Tag Archives: Tiny Grimes

Elvis Presley, Bill Haley, Alan Freed, and the Authentic Origins of Rock and Roll


Bill Haley & His Comets recorded “Rock Around the Clock” three months before Elvis Presley recorded “That’s All Right” in July 1954, though the song did not attain widespread success until the following year, after Presley’s first record had exploded into popular consciousness, at least in southeastern regional markets. Haley certainly did a great deal to popularize the genre, though to my ears, as well as to those of many critics, Haley’s music is not truly rock and roll, but a sort of bridge or compromise formation between jazzy, rhythm & blues-inflected country music and the rock and roll that would find its first complete expression in “That’s All Right.” As Haley himself put it: “We take a lot of care with lyrics because we don’t want to offend anybody. The music is the main thing, and it’s just as easy to write acceptable words.” However, aside from the transgressive suggestiveness of the songs Presley would sing, Presley’s first record possesses a manic energy and a dangerous intensity that Haley’s music lacks, qualities that ultimately defined the emerging genre. All of the structural elements were present to make Haley’s music technically identifiable as rock and roll—the more pronounced backbeat, the instrumental and vocal inflections derived simultaneously from country, blues, and jazz, and the simple inclusion of the verb “rock” in the lyrics—but the spark that would set the fire blazing was struck by Presley. Indeed, this is an exemplary instance of the radically different conclusions that can result from the modes of interpretation associated with rationality and affectivity: although Haley’s song might be considered the first rock and roll record by a rational accounting, it is Presley’s song that remains the epochal initiatory act as it expresses not only the confluence of genres that Haley’s song synthesizes, but also the affective tone and attitude of the new genre that Haley did not possess, and which Presley epitomized.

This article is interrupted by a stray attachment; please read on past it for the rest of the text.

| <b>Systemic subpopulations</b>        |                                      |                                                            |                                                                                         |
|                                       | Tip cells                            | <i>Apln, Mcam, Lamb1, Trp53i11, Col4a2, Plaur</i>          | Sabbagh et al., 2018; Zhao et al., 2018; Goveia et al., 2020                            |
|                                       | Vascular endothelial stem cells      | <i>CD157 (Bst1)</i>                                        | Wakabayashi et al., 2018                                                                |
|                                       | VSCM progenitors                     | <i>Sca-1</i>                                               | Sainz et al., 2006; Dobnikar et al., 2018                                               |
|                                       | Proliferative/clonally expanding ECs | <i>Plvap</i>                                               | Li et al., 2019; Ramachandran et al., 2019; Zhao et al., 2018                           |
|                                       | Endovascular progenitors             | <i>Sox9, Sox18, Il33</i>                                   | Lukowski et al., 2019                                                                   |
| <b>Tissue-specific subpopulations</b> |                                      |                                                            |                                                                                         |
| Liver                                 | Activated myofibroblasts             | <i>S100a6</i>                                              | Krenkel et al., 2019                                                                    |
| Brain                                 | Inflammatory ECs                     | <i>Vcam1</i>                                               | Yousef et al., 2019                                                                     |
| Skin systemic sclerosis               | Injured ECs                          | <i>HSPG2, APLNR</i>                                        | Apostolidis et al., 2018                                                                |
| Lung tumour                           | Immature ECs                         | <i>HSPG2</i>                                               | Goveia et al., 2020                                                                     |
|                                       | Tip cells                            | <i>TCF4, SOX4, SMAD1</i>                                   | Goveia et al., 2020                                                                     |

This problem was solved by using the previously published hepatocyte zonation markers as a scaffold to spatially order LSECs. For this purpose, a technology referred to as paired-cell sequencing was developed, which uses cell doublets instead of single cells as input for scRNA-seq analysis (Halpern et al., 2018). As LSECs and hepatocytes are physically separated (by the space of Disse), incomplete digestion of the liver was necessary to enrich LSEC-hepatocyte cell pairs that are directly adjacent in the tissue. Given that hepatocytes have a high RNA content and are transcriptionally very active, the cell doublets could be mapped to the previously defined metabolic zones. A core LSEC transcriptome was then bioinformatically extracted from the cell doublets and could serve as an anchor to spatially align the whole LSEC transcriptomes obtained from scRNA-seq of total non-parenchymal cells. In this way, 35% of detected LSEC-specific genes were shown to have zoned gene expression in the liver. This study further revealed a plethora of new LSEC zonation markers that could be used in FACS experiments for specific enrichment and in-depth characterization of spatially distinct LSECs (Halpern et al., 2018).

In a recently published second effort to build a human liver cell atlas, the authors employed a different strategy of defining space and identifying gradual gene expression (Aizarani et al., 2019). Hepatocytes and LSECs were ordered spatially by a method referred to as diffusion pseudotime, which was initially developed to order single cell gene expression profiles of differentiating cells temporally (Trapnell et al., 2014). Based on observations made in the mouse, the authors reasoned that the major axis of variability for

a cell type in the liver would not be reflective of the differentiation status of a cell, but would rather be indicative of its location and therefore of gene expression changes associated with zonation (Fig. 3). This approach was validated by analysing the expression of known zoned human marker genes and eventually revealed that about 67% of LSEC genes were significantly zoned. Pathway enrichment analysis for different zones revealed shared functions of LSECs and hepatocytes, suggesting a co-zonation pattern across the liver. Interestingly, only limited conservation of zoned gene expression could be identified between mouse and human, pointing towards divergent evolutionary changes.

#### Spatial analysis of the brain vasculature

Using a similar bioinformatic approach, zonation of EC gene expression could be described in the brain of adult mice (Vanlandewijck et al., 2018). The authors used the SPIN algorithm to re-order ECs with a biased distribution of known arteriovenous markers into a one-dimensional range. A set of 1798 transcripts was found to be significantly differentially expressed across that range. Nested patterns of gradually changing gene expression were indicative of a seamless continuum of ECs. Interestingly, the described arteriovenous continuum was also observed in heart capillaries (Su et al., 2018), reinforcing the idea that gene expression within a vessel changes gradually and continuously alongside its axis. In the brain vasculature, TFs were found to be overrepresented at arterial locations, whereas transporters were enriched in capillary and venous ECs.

Bluntly stated, Bill Haley was not very cool, a quality which forms the heart of the genre, for American cool is definable as affective authenticity in contradistinction to the more affected performativity exhibited by Haley, which was characteristic of the pre-rock and roll era in which he had one foot firmly planted. Indeed, the juxtaposition of “affectivity” and “affectedness” is striking, for while “affect” implies the authentic bodily feelings that produce one’s activity, the quality of being “affected” indicates a more passive and inauthentic submission to culturally preconditioned roles and modes of engagement. Thus, the transition marked by the subtle difference between Haley’s and Presley’s performativities can be seen as an emblematic enactment of the profound shift from the mandates of rationalized culture determining one’s identity, to allowing one’s persona to result from one’s intrinsic felt experience. This difference is primarily constituted in attention to the conceptual mores of society being the dominant motivating factor for the rational mode, as opposed to attention focused on the dictates of one’s bodily economy being the primary motive force in the affective mode. If Haley was standing in the doorway to the reemerging bodily mode, Presley leapt through with abandon into the new realm that he did so much to liberate. This subtle but crucial difference delineated the liminal cusp between “real” and “fake,” between authenticity and its lack.